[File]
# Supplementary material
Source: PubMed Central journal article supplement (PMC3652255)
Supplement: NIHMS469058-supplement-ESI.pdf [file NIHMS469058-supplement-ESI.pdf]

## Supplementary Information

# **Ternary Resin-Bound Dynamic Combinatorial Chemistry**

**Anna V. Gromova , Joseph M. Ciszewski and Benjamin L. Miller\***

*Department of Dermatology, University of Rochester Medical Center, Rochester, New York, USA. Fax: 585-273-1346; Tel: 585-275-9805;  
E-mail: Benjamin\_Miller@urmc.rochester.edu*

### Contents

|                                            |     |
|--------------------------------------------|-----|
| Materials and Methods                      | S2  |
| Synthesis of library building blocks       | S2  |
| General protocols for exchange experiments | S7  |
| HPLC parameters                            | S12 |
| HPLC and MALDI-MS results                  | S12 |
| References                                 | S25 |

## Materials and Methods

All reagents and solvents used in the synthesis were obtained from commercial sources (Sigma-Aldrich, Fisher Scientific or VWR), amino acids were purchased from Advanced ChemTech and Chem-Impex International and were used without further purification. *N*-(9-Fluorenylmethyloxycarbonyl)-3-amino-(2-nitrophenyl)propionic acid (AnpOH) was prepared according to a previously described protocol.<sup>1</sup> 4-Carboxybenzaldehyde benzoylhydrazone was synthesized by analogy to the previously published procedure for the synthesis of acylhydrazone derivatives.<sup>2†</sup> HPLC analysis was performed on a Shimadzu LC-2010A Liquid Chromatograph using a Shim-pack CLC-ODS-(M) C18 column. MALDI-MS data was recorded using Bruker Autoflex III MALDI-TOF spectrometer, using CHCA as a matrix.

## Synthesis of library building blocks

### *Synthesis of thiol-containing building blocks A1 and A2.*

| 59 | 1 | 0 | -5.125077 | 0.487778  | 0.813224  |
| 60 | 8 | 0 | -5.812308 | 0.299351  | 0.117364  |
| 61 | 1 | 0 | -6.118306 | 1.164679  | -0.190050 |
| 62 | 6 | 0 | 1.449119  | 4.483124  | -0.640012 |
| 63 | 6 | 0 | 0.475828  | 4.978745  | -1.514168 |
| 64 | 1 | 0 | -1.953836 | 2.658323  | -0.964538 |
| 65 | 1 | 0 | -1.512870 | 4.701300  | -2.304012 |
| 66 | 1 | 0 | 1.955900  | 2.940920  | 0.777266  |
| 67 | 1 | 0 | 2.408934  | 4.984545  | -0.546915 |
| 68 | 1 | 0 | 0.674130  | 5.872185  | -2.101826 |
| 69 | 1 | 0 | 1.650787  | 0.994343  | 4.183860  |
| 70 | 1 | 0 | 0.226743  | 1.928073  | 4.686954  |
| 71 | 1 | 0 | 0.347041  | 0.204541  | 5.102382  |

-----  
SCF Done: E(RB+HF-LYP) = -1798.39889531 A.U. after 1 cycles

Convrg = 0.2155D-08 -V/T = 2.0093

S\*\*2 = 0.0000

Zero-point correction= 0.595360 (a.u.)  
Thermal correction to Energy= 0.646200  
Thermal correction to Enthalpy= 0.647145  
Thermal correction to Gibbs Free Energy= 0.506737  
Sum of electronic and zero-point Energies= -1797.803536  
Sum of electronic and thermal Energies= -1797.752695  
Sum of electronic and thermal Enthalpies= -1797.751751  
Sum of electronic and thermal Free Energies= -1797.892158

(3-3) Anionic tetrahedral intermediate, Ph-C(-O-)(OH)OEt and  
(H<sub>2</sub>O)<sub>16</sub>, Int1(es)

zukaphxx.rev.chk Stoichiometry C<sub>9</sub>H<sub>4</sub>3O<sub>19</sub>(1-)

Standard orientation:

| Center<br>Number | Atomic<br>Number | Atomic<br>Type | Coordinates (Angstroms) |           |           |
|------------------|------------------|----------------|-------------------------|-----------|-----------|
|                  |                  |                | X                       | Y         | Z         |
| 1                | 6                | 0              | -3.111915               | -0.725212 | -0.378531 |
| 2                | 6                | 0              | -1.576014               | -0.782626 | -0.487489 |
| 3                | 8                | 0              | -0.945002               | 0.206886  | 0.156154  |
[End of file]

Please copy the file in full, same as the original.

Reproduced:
# Supplementary material
Source: PubMed Central journal article supplement (PMC3652255)
Supplement: NIHMS469058-supplement-ESI.pdf [file NIHMS469058-supplement-ESI.pdf]

## Supplementary Information

# **Ternary Resin-Bound Dynamic Combinatorial Chemistry**

**Anna V. Gromova , Joseph M. Ciszewski and Benjamin L. Miller\***

*Department of Dermatology, University of Rochester Medical Center, Rochester, New York, USA. Fax: 585-273-1346; Tel: 585-275-9805;  
E-mail: Benjamin\_Miller@urmc.rochester.edu*

### Contents

|                                            |     |
|--------------------------------------------|-----|
| Materials and Methods                      | S2  |
| Synthesis of library building blocks       | S2  |
| General protocols for exchange experiments | S7  |
| HPLC parameters                            | S12 |
| HPLC and MALDI-MS results                  | S12 |
| References                                 | S25 |

## Materials and Methods

All reagents and solvents used in the synthesis were obtained from commercial sources (Sigma-Aldrich, Fisher Scientific or VWR), amino acids were purchased from Advanced ChemTech and Chem-Impex International and were used without further purification. *N*-(9-Fluorenylmethyloxycarbonyl)-3-amino-(2-nitrophenyl)propionic acid (AnpOH) was prepared according to a previously described protocol.<sup>1</sup> 4-Carboxybenzaldehyde benzoylhydrazone was synthesized by analogy to the previously published procedure for the synthesis of acylhydrazone derivatives.<sup>2†</sup> HPLC analysis was performed on a Shimadzu LC-2010A Liquid Chromatograph using a Shim-pack CLC-ODS-(M) C18 column. MALDI-MS data was recorded using Bruker Autoflex III MALDI-TOF spectrometer, using CHCA as a matrix.

## Synthesis of library building blocks

### *Synthesis of thiol-containing building blocks A1 and A2.*

| 59 | 1 | 0 | -5.125077 | 0.487778  | 0.813224  |
| 60 | 8 | 0 | -5.812308 | 0.299351  | 0.117364  |
| 61 | 1 | 0 | -6.118306 | 1.164679  | -0.190050 |
| 62 | 6 | 0 | 1.449119  | 4.483124  | -0.640012 |
| 63 | 6 | 0 | 0.475828  | 4.978745  | -1.514168 |
| 64 | 1 | 0 | -1.953836 | 2.658323  | -0.964538 |
| 65 | 1 | 0 | -1.512870 | 4.701300  | -2.304012 |
| 66 | 1 | 0 | 1.955900  | 2.940920  | 0.777266  |
| 67 | 1 | 0 | 2.408934  | 4.984545  | -0.546915 |
| 68 | 1 | 0 | 0.674130  | 5.872185  | -2.101826 |
| 69 | 1 | 0 | 1.650787  | 0.994343  | 4.183860  |
| 70 | 1 | 0 | 0.226743  | 1.928073  | 4.686954  |
| 71 | 1 | 0 | 0.347041  | 0.204541  | 5.102382  |

-----  
SCF Done: E(RB+HF-LYP) = -1798.39889531 A.U. after 1 cycles

Convrg = 0.2155D-08 -V/T = 2.0093

S\*\*2 = 0.0000

Zero-point correction= 0.595360 (a.u.)  
Thermal correction to Energy= 0.646200  
Thermal correction to Enthalpy= 0.647145  
Thermal correction to Gibbs Free Energy= 0.506737  
Sum of electronic and zero-point Energies= -1797.803536  
Sum of electronic and thermal Energies= -1797.752695  
Sum of electronic and thermal Enthalpies= -1797.751751  
Sum of electronic and thermal Free Energies= -1797.892158

(3-3) Anionic tetrahedral intermediate, Ph-C(-O-)(OH)OEt and  
(H<sub>2</sub>O)<sub>16</sub>, Int1(es)

zukaphxx.rev.chk Stoichiometry C<sub>9</sub>H<sub>4</sub>3O<sub>19</sub>(1-)

Standard orientation:

| Center<br>Number | Atomic<br>Number | Atomic<br>Type | Coordinates (Angstroms) |           |           |
|------------------|------------------|----------------|-------------------------|-----------|-----------|
|                  |                  |                | X                       | Y         | Z         |
| 1                | 6                | 0              | -3.111915               | -0.725212 | -0.378531 |
| 2                | 6                | 0              | -1.576014               | -0.782626 | -0.487489 |
| 3                | 8                | 0              | -0.945002               | 0.206886  | 0.156154  |